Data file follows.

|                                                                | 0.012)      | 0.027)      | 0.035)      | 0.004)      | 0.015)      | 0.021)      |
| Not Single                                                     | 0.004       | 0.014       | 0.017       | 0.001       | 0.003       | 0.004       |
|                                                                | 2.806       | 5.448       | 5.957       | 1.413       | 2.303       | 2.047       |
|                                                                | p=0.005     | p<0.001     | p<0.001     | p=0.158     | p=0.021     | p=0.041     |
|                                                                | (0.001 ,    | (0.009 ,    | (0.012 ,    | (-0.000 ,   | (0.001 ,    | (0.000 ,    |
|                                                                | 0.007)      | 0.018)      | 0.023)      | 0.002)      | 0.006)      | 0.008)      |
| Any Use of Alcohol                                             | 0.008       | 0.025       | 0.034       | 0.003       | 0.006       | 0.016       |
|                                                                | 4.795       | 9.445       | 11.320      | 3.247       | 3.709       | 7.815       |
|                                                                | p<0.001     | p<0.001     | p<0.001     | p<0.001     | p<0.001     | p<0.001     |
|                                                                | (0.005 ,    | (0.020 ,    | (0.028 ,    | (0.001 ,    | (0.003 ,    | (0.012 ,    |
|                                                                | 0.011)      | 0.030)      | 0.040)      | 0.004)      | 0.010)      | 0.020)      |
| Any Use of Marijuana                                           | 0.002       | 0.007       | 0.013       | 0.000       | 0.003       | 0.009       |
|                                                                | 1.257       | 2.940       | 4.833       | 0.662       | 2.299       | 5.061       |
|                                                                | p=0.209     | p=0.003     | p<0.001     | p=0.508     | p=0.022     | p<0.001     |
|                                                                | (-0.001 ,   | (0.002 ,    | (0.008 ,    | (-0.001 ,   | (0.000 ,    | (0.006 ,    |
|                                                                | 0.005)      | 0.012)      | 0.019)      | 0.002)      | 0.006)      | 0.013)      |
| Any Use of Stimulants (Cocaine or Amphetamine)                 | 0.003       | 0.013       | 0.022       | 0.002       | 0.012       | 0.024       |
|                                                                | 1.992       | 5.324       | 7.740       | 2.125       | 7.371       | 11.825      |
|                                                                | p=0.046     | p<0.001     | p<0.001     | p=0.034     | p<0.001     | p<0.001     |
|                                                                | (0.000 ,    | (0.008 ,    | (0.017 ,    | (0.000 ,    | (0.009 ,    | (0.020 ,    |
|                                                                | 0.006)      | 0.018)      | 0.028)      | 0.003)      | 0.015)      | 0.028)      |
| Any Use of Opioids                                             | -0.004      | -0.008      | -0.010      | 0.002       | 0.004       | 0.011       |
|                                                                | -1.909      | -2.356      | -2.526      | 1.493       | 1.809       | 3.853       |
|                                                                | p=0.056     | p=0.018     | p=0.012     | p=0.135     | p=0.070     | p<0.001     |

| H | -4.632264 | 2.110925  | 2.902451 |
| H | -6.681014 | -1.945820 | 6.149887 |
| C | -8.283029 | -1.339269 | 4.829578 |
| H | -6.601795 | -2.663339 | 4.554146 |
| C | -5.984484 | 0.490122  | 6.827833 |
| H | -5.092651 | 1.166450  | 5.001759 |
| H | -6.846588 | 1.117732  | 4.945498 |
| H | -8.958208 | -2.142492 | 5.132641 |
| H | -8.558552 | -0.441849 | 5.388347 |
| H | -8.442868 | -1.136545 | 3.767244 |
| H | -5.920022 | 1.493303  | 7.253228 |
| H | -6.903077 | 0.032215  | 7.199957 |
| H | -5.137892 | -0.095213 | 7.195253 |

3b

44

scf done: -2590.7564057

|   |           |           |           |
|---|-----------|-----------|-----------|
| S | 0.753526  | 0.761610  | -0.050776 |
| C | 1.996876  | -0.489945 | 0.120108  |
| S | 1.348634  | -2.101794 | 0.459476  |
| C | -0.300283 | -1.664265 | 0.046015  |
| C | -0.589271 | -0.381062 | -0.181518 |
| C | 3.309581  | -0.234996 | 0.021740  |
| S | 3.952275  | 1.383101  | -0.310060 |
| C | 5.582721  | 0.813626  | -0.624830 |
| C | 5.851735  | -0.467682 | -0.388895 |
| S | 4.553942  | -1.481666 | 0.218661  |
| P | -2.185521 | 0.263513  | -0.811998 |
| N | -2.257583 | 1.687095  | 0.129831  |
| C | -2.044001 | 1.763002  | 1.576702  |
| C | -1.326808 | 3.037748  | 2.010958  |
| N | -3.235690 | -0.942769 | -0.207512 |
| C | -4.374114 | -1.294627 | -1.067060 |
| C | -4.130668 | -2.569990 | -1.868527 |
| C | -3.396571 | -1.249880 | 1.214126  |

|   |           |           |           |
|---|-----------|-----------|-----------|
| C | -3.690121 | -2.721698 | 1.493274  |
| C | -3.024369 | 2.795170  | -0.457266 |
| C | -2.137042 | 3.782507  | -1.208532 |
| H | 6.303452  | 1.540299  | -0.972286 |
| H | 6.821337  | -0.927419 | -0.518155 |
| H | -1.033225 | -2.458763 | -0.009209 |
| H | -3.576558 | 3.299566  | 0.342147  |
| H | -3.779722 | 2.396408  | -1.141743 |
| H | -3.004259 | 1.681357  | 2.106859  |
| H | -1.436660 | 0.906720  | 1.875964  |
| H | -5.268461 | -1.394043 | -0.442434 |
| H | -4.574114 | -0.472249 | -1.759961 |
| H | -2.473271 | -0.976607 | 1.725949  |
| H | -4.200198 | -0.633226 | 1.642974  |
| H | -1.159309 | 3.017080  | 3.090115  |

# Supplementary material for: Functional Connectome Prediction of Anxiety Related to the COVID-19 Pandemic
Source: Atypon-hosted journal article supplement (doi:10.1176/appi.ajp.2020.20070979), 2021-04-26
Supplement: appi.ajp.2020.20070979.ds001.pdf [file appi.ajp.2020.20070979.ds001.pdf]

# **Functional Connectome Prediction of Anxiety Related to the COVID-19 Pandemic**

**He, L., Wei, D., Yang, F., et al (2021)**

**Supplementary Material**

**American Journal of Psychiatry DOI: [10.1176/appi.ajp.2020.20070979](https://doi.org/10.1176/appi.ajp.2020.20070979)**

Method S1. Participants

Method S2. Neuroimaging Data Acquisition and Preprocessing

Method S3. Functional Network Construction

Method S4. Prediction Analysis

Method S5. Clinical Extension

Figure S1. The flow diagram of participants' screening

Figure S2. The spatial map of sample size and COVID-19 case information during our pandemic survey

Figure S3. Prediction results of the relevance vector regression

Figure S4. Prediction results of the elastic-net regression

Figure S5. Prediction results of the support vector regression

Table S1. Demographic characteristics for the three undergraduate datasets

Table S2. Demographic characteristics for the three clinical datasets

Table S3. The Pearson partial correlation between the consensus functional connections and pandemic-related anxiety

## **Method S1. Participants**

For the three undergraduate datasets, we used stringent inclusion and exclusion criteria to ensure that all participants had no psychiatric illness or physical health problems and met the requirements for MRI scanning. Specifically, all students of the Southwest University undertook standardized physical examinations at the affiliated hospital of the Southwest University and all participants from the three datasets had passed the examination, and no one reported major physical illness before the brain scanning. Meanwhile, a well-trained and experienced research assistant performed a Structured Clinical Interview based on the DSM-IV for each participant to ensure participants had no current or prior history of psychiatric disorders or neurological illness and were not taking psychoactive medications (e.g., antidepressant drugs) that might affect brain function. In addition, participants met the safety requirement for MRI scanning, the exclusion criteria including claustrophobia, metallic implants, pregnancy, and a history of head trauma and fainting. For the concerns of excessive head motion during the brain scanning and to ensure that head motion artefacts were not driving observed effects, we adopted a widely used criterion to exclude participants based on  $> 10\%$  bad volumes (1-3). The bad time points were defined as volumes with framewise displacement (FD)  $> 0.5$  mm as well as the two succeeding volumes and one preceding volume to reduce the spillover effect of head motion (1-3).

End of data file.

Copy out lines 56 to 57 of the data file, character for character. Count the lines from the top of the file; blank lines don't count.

| C | -1.326808 | 3.037748  | 2.010958  |
| N | -3.235690 | -0.942769 | -0.207512 |